Over the years, what was once the London BarCampBank has, with the support of Consult Hyperion, turned into an annual fintech unconference held the day before Finovate Europe. I think – apart from great networking and enjoyable discussions – it provides a useful weathervane for our clients. This year – no surprise – two topics dominated the conversations: blockchain and identity.

BarCampBank London 7 was unpredictable and therefore great

Dgwb blog white border

Our London Unconference, now an annual event held the day before Finovate Europe, was as unpredictable as always, which is why I like it so much. I really didn’t expect technology to feature so heavily, but it did.

Still going strong after 14 years

The 14th annual Consult Hyperion Digital Money Forum was terrific. Here’s some of the feedback we’ve already had:

  • “Excellent! Thank you again”
  • “A most enjoyable event with a variety of speakers”
  • “It was very stimulating”
  • “A very informative conference which didn’t disappoint.”
  • “Very good – as always, so much new stuff”
  • “a terrific #dmf14 session on private vs public money”
  • “I saw the future, the past and, surprisingly, the freedom of cash.”
  • “Very good – as always, so much new stuff!”

First of all, and I can’t say this often enough, a very big thank you to the event sponsors who made it all possible: Visa Europe and Monitise. For an event like the Forum it’s really important to have sponsors who share our goals, and both of them were great, giving us the freedom to choose an eclectic mix of speakers and panelist who really helped the delegates (and us) to think in some new ways and to spark off new ideas about where to go next in the world of e-payments. This makes for a special event, unlike the commercial conferences that we attend throughout the year. The economist Diane Coyle, who was kind enough to chair the keynote session on day two, put it very nicely

As ever the Digital Money Forum proved itself a must for anyone interested in the intersection of technology and money

[From The Enlightened Economist :: Good money, digital or analogue]

And thanks also to our newest supporters, Olswang, who kindly sponsored to pub quiz (which was great fun) and the drinks that went with it.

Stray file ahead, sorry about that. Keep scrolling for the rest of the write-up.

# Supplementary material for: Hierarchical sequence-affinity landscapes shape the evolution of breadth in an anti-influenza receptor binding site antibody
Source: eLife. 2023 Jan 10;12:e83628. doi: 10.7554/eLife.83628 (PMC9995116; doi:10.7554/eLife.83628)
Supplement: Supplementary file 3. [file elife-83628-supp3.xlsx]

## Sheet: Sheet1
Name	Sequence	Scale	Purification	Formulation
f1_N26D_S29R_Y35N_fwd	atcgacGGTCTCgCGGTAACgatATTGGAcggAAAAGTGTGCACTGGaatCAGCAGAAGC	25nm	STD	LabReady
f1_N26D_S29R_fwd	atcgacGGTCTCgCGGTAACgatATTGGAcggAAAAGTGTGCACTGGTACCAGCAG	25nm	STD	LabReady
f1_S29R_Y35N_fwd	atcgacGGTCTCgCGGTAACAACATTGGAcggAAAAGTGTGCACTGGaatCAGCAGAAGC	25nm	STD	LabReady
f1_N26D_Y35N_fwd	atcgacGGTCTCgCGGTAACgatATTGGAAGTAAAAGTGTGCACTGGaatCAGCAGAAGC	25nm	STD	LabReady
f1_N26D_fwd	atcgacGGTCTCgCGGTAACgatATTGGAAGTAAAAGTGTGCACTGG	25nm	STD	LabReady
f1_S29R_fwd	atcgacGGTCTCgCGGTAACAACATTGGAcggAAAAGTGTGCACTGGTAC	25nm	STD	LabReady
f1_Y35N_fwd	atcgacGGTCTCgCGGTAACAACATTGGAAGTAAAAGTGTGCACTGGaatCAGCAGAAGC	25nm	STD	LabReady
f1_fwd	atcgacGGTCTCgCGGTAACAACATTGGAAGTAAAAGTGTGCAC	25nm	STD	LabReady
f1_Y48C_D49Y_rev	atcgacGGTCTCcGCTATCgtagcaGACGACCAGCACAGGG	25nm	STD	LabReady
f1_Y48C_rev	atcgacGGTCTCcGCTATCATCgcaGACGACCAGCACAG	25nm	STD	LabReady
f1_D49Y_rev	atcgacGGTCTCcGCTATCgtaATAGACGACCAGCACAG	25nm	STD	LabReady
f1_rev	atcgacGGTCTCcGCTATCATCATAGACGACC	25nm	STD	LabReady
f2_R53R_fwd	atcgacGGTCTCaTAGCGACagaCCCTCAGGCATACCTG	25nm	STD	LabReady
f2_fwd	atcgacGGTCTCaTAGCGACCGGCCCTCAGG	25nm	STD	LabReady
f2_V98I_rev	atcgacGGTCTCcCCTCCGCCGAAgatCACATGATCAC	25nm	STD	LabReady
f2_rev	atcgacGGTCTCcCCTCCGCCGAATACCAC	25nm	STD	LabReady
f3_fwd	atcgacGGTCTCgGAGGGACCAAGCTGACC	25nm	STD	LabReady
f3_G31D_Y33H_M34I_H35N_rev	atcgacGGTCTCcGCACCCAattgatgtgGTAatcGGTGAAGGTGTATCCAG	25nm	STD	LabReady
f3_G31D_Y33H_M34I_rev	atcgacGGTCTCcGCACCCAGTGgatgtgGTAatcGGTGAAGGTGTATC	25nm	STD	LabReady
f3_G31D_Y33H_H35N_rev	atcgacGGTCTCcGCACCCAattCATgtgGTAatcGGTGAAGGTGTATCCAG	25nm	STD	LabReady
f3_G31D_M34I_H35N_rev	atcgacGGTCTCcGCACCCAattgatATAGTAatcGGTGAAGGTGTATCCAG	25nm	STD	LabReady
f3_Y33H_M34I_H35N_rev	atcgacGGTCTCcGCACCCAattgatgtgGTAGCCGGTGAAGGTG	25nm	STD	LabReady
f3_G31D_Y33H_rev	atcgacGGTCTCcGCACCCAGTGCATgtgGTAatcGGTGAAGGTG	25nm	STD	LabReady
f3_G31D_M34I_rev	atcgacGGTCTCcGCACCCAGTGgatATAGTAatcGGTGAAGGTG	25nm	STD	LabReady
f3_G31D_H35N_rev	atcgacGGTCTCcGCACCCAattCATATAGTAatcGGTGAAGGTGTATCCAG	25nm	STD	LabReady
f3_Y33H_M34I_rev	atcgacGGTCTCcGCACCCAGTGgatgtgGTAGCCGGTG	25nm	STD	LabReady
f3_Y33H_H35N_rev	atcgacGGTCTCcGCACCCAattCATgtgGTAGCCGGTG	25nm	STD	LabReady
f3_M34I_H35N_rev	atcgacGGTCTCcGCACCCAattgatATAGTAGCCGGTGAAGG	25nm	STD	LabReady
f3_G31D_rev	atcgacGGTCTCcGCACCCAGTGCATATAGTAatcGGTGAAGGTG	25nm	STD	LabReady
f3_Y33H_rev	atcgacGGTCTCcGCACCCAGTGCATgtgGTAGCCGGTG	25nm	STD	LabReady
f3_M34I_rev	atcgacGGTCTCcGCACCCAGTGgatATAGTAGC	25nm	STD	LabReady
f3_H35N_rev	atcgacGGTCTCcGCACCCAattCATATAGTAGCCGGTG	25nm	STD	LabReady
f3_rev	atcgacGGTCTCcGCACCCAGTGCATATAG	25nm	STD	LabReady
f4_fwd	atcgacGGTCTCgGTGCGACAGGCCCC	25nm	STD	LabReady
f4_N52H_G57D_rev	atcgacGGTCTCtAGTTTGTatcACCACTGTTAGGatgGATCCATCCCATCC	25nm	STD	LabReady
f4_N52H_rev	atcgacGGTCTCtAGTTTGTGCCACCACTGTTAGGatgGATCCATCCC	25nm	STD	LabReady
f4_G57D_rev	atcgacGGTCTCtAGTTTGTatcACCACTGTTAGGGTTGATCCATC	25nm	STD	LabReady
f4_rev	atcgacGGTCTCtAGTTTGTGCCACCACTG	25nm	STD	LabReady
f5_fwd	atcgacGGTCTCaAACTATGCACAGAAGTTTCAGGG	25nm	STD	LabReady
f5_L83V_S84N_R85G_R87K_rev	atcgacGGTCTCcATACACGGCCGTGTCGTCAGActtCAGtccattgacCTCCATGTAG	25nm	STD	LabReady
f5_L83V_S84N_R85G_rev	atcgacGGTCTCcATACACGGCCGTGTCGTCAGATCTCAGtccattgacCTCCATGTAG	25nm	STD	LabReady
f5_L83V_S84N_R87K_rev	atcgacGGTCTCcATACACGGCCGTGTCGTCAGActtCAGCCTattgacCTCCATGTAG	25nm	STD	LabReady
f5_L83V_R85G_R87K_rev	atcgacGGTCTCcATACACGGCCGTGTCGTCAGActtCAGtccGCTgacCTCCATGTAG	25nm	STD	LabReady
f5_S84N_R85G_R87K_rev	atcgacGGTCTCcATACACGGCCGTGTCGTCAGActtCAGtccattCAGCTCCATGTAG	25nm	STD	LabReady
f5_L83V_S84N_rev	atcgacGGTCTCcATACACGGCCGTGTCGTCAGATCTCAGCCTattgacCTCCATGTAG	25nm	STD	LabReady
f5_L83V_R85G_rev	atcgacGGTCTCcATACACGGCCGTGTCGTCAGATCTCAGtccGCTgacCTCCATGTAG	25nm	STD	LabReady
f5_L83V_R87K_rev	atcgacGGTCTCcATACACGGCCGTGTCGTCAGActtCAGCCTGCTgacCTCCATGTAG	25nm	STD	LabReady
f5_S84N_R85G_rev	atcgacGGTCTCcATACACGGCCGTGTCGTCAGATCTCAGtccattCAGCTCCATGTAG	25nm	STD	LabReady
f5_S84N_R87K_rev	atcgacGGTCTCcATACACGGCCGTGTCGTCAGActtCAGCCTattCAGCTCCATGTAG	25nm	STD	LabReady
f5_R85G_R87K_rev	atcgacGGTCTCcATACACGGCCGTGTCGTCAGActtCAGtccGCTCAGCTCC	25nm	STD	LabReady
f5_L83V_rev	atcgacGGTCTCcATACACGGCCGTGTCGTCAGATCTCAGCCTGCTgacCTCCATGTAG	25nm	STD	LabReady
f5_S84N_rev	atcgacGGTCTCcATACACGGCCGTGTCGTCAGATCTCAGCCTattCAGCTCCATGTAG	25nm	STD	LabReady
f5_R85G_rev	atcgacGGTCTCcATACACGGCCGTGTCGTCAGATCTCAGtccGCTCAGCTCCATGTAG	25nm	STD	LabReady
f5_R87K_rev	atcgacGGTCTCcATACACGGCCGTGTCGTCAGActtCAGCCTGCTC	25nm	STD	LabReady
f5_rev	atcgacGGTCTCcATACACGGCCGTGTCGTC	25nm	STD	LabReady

I won’t go over everything that was discussed — the presentations are online if you want to download them — but I will highlight a couple of points that emerged over the two days. First of all, both of the opening sessions, which mixed history and future, worked very well and did, I think, help people to think more imaginatively about the discussions later in the day. The expert panels were popular as always, although I really should keep them to only four people per panel. I’ve had some interesting feedback about the panel on alternative currencies, which I think gave many organisations some unexpected directions to explore.

Mobile was, naturally, a key topic and pervaded many of the discussions. We may have to make it a bigger fraction of the agenda next year if we can find some new angles to approach it from. A lot of the delegates remarked on how juxtaposing lessons being learned in both developed and developing markets worked well, so that’s something to think about.

We’ve already started thinking about 15th Digital Money Forum and what we’re going to do to change things again. I can promise all of you that the event will keep moving forward. Next year will see a new venue (and, yes, there will be free wifi for all), some new ideas for interaction and some changes in the programme structure. One thing that won’t change is the art and design competition: given the outstanding presentations at the end of this years’ Forum, we’ll definitely do that again! If you weren’t there, I urge you to take a look at the competition winners and appreciate the imagination and invention that went into them.

If I had to highlight one presentation, it was Catherine Eagleton’s keynote. Catherine is the curator of Modern Money at the British Museum and co-author of the excellent Money-A History. She asked the delegates to send her examples of anything that should be preserved, particularly the intermediate forms of new payment systems that are forgotten in the long run. I hope some of them will take her up on that. But she also mentioned in passing how difficult it is to think of ways to preserve World of Warcraft gold pieces or Facebook credits for posterity, and I keep thinking about it now. It came up last year when Consult Hyperion were asked to provide a piece on mobile money for the Science Museum. We were enthusiastic, but soon realised that a phone in a glass case (with a dead battery) is not much of an exhibition, and I’m afraid the curators concurred. So if anyone has any ideas on that one, please get in touch (although it does give me an idea for next year’s competition!).

Oh, and I should finish by saying to everyone who mentioned it (and there were quite a few), yes, the hotel coffee was slop that I wouldn’t have fed to pigs and I swear with my hand on my heart that if we ever serve stuff like that to you again I will personally take all delegates to the nearest Caffe Nero and buy every single one of them a drink there myself.